The Development of Castles in Britain (Part 1)

Ah, the castles of England…

Just History Posts

Today we are very lucky to have a guest author! Simon Forder, a writer, researcher and historian who specialises in castles, has written a great introductory post about their origins in Britain. Starting in the Norman period, he explores what different types of castles appeared in Britain after the conquest, and just how original they may have been. You can find him on Twitter, Facebook, or via his website. Over to you, Simon!

DSC_05602155Motte at Twmbarlwm, South Wales; late 11th/early 12th century. Picture taken by Simon.

Castles appear in many guises to us. Once massively dominant structures in the medieval landscape, they are inspirational reminders of our past, enabling the visitor to wonder and imagine the splendours of a bygone age. However, in most cases today they are sad remnants of their former glory, often little more than humps and bumps in the landscape.

Britain has a…

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The Reversible Mask by Loretta Goldberg

Set in various parts of Europe in the 16th century

Sir Edward Latham, middle-grade courtier is torn between his adherence to his faith (Catholic) and his loyalty to Queen Elizabeth (Protestant). His answer to this dilemma is to accept his cousin, Lord Darnley’s invitation to go to Scotland and serve his wife Mary, Queen of Scots (Catholic). After the murder of her husband, Mary sends him to the Duc de Guise in France to raise funds for her. Latham becomes a liaison between Guise and the Spanish Ambassador and eventually ends up in Spanish service as a spy. This career takes him to other countries, the most interesting of which is a glimpse into the Divine Porte, where he takes a Turkish lover (Islamic) and learns that different faiths can live in harmony.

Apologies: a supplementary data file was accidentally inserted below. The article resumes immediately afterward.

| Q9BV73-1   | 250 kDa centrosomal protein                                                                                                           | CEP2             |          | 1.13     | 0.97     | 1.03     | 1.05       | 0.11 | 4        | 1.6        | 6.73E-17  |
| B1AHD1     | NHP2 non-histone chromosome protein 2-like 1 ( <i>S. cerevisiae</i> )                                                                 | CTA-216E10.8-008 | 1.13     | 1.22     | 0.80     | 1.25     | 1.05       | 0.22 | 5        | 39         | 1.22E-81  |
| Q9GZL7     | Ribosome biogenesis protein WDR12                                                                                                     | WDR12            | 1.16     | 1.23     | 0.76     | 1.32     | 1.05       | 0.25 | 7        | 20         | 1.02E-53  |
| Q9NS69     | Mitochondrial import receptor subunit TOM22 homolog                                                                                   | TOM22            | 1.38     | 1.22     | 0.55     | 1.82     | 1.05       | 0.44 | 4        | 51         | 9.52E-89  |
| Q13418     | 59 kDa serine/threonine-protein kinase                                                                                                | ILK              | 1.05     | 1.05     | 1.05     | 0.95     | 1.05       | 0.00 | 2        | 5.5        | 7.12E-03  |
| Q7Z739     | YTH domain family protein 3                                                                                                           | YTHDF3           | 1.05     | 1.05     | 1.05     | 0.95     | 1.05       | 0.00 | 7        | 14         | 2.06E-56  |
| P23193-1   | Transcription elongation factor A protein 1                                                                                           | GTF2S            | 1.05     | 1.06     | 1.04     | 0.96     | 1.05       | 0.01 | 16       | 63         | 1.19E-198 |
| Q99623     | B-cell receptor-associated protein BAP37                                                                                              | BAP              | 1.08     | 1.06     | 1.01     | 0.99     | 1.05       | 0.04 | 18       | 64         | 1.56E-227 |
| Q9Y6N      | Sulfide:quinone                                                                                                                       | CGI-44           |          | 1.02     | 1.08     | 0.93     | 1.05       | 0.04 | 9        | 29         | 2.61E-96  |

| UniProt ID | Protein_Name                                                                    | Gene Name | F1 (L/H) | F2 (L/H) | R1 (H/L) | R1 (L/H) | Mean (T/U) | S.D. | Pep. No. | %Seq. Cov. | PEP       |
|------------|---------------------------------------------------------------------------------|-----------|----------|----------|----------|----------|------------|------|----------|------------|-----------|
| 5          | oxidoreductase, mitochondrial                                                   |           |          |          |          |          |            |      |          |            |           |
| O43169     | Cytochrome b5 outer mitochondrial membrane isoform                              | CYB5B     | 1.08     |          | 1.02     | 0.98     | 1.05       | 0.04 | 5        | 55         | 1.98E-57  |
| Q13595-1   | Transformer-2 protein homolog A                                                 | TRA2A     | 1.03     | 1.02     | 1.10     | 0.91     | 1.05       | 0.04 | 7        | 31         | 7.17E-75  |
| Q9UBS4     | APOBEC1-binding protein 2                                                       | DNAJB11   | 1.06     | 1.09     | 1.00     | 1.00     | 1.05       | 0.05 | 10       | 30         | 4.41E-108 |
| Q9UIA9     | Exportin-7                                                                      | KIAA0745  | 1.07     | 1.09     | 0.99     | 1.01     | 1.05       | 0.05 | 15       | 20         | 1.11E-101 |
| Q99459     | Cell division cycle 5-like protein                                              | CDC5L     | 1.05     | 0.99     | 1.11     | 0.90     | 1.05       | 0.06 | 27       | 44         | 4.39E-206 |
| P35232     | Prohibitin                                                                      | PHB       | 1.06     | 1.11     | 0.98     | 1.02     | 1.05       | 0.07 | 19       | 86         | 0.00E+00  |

The best of the supporting characters are his Turkish lover and his sidekick/agent in Lisbon, both of whom are interesting and unique. The author does a credible job of capturing the two queens, Elizabeth and Mary, in cameos. As for Latham himself, he is a fully-fleshed character, (the author allows him to tremble in fear) but I just couldn’t warm to him. I’m not sure why, perhaps only because of his way of over-analysing things – even his love affairs – which is natural enough in a spy, I suppose.

Throughout the book, Latham struggles with his divided loyalties. After a number of spying assignments, he decides to return to England and offer his services as a double agent and hope that in the near future, Catholics will be granted the right to worship openly.

There is a great deal to like in this book. The author’s knowledge of war, weapons and deployment is sufficient to lend authenticity. I particularly enjoyed reading about ‘Hellburners’. I suspected they were a fiction of the author, but a Google search informed me that they were real and used as the author described. It’s not all derring-do. It’s a story well-told and the dialogue, which can be confusing at times, has a particular ‘zing’ to it.

Recommended for those who like stories of war and the religious turmoil of the 16th century.


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